Have you ever sent an embarrassing text because of autocorrect? Do you use spell check to fix your errors before you hit that send button? There’s no denying that with the digitization of our communication, we have come to rely more and more on features that check for errors on our behalf. In fact, the first thing I’ll do once I complete this article is ask my computer to run a spell check, just in case there’s a spelling error that I missed.
It’s easy to think that kids will be okay if they don’t learn how to spell properly because the technology exists to correct their mistakes. However, the truth is that being able to spell properly is a vital skill for reading, and more importantly, for understanding and being understood.
Why is spelling important?
Learning to spell and learning to read both rely on knowledge of the relationships between letters and sounds. When we write, thinking too hard about how to spell uses up cognitive resources necessary for other aspects of composition. Kids with poor spelling skills may limit what they write to words they can spell. This means that even though a child may have a wonderful imagination and a lot to say, they are too embarrassed or self-conscious to express themselves in writing.
To learn a language, you need to gain knowledge of its structure. By teaching a language systematically-following the “rules”-you can decode or make sense of it. Spelling is important because it ensures accuracy. If we all follow the same rules, we can all understand what we read (the content) in the correct way (the context). This comprehension facilitates communication. Even a computer needs its language (code) to be written correctly to make sure that it can carry out its tasks.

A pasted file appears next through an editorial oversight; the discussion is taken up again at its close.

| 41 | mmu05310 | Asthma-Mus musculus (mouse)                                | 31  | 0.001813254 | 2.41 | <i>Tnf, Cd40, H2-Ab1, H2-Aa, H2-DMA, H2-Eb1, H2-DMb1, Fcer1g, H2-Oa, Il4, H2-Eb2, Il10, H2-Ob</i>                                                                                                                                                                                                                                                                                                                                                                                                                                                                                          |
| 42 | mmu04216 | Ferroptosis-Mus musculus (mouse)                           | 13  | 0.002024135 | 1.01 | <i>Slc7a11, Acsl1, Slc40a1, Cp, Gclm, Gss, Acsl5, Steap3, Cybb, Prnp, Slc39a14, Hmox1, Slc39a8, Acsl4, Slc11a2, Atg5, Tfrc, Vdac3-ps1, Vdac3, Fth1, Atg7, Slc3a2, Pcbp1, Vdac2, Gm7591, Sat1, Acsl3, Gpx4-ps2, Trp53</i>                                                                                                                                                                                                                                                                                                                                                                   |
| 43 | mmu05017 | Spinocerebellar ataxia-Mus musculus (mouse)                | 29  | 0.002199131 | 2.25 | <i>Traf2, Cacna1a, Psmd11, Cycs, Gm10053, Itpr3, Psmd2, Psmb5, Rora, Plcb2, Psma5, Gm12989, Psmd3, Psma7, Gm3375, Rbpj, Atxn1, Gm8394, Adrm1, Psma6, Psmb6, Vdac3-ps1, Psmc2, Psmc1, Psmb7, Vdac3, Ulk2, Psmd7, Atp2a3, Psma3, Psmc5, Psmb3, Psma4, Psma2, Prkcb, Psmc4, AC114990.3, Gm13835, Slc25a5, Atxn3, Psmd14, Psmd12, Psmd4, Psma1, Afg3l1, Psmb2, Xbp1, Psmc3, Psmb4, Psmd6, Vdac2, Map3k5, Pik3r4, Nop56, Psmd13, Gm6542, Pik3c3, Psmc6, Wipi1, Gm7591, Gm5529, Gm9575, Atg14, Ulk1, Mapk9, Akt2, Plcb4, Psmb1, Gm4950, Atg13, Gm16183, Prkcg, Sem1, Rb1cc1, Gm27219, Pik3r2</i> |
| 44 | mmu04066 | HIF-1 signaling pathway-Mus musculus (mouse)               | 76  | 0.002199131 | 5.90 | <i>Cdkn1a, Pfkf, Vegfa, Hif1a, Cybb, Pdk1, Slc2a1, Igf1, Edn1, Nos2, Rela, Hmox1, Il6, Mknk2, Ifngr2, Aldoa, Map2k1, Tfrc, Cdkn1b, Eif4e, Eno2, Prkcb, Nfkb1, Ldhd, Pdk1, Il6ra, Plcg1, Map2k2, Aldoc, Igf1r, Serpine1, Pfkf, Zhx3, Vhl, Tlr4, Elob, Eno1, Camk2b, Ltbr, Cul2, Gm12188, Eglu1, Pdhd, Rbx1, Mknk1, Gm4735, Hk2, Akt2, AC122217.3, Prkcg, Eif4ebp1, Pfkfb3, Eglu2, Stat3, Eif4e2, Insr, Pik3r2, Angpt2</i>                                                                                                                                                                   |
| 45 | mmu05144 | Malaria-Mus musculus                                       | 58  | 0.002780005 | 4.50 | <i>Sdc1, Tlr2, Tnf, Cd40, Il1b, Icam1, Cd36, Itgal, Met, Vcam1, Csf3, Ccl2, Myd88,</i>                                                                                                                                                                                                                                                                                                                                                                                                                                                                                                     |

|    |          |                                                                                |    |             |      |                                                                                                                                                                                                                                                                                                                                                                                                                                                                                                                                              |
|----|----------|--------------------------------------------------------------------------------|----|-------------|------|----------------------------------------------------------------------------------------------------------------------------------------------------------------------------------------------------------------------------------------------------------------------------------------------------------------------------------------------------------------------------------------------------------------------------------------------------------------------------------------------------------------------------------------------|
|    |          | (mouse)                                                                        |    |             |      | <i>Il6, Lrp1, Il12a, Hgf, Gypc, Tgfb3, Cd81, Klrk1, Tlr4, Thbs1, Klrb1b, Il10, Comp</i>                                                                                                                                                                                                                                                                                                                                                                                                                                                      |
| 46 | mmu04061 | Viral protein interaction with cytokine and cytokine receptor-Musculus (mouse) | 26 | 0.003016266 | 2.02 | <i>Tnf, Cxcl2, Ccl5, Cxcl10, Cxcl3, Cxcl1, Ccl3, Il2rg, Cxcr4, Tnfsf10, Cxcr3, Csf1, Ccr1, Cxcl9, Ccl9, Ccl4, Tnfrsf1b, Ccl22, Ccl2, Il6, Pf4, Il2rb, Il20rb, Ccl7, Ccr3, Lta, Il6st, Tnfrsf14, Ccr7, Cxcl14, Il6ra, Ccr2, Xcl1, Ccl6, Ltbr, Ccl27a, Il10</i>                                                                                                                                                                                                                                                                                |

While we can rely on computers to check our spelling, computers are not immune to errors either, especially where a word is very badly spelled or the grammar is poor. It’s one thing to expect technology to note our errors but another thing entirely to expect it to know exactly what we intended to say. It’s necessary for kids to have a sufficient understanding of how a word should be spelled in order to recognize when the spell checker has made a mistake. This can easily happen, especially with homophones, which are words that sound the same but are spelled differently, for example, “see” and “sea” or the constantly confused “there,” “their,” and “they’re.”
For all of us, but especially young readers or those with reading difficulties, poor spelling is distracting. It’s challenging to read for meaning when your brain is also trying to deal with spelling errors.
What are the disadvantages of using a spell checker or predictive text?
Using a spell checker, especially when guessing at a spelling, can result in error. Spell check is great for bringing small mistakes to our attention but:
- It can make us less careful when we type, because we trust it to notice our mistakes.
- It doesn’t catch all errors. A poor speller may not produce a close enough approximation of the correct word for the spell checker to make the right suggestion.